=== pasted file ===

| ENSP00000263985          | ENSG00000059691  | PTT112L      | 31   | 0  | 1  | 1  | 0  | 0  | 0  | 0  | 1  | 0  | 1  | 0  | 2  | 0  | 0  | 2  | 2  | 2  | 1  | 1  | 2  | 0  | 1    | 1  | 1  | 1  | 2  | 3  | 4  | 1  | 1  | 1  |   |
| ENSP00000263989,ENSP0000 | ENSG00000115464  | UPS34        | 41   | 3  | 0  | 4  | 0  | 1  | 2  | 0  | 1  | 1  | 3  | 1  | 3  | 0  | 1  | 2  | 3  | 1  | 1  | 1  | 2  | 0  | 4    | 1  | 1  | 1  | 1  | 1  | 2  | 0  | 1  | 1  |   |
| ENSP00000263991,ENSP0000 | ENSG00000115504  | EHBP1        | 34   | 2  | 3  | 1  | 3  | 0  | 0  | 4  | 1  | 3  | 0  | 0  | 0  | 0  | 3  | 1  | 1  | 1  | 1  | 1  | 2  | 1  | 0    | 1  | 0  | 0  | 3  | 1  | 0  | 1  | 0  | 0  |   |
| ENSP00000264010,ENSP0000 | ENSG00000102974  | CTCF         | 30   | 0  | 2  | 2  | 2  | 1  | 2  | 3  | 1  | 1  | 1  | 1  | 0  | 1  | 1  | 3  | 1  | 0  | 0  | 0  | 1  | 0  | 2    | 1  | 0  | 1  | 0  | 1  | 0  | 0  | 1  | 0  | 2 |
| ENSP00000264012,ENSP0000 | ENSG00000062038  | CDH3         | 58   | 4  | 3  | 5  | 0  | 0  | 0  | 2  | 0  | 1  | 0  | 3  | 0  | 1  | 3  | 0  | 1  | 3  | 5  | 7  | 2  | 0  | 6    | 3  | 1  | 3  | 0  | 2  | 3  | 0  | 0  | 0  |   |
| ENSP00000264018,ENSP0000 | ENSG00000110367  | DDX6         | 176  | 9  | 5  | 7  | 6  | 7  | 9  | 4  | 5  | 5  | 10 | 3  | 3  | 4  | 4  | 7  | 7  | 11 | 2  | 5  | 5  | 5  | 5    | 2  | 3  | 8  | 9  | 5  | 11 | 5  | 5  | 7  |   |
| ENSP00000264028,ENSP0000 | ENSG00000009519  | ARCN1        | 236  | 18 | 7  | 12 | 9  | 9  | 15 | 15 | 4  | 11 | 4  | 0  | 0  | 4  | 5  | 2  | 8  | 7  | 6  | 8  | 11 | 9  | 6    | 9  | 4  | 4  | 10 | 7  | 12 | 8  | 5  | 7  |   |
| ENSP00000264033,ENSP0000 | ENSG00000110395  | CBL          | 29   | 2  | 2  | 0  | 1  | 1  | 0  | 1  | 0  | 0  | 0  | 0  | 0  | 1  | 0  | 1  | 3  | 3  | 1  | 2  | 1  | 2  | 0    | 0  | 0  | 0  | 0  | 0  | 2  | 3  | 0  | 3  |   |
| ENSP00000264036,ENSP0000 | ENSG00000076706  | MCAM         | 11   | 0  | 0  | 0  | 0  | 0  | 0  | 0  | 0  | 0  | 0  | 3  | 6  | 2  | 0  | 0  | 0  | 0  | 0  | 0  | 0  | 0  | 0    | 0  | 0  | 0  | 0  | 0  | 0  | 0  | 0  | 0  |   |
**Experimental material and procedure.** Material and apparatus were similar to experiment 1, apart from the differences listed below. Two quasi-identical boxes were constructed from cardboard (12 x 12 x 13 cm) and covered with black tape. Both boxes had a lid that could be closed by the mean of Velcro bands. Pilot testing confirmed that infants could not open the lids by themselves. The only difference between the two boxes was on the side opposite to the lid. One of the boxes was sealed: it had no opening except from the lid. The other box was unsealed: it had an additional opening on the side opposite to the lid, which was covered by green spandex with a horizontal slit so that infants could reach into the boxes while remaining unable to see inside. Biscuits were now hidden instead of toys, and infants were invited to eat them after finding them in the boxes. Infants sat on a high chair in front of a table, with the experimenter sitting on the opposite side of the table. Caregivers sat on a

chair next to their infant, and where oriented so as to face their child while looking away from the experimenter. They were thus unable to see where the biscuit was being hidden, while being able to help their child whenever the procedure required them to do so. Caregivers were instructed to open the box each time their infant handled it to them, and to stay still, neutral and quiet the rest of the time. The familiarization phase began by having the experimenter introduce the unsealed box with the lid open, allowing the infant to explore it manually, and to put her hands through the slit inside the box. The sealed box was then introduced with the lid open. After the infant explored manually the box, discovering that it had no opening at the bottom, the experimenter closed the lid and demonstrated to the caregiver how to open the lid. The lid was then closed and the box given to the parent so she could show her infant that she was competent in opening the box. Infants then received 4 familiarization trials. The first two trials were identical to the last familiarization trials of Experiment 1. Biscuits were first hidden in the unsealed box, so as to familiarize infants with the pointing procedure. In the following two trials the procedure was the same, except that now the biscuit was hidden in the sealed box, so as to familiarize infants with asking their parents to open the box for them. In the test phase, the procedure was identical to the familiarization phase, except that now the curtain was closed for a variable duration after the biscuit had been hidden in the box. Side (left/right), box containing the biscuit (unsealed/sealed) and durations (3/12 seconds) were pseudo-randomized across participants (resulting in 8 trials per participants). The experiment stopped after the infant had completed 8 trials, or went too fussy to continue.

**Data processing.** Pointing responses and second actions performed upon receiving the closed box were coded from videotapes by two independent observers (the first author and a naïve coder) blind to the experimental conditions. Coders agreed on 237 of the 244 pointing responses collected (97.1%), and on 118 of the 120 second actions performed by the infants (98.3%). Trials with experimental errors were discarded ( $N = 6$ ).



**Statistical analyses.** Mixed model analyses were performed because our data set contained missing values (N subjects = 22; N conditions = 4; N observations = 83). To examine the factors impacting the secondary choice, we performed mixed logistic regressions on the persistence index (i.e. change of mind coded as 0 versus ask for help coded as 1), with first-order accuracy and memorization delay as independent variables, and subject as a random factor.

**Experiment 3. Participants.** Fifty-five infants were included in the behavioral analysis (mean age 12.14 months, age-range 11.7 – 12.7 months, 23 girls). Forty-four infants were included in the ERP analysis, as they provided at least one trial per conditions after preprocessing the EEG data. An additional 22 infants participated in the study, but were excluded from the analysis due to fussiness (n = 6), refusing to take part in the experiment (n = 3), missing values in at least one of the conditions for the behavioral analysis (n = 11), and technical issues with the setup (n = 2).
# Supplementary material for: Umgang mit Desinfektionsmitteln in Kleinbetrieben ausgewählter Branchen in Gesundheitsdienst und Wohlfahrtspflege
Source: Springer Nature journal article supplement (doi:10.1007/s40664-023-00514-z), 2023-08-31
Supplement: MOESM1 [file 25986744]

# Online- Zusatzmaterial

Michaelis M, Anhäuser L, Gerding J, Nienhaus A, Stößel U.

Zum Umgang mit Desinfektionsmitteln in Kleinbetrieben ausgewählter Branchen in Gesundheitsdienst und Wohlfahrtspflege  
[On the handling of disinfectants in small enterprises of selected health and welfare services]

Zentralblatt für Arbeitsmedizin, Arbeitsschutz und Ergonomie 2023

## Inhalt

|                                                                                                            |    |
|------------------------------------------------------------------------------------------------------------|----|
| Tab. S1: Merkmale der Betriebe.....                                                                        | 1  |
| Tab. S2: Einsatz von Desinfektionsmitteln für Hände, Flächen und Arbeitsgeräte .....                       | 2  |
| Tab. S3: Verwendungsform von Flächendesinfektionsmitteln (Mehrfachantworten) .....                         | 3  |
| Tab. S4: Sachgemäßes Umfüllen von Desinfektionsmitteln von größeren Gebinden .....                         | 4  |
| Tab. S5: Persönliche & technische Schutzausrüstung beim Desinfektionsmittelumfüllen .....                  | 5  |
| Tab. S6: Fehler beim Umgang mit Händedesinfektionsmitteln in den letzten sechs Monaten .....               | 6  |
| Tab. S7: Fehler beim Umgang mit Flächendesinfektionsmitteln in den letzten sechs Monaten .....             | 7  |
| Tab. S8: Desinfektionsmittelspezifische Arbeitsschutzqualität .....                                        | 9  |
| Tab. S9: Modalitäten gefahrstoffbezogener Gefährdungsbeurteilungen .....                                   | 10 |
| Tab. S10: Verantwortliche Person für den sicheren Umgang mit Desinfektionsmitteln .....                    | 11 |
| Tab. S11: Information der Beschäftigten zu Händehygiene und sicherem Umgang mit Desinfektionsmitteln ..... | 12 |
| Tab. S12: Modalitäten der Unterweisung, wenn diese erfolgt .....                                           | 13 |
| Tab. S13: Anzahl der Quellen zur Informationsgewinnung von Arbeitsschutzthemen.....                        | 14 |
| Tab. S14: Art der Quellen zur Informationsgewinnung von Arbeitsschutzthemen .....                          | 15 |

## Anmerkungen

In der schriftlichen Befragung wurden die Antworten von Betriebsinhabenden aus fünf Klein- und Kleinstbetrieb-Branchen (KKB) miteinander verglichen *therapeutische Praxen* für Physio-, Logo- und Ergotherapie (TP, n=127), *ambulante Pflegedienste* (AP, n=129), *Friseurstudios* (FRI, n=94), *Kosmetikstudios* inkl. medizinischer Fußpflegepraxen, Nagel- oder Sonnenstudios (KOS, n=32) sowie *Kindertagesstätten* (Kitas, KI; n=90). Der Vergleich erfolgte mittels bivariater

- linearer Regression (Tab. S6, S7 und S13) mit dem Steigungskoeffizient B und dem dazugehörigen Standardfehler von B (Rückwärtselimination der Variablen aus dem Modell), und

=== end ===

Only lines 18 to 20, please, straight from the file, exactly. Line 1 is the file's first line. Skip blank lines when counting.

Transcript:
# Online- Zusatzmaterial

Michaelis M, Anhäuser L, Gerding J, Nienhaus A, Stößel U.

Zum Umgang mit Desinfektionsmitteln in Kleinbetrieben ausgewählter Branchen in Gesundheitsdienst und Wohlfahrtspflege  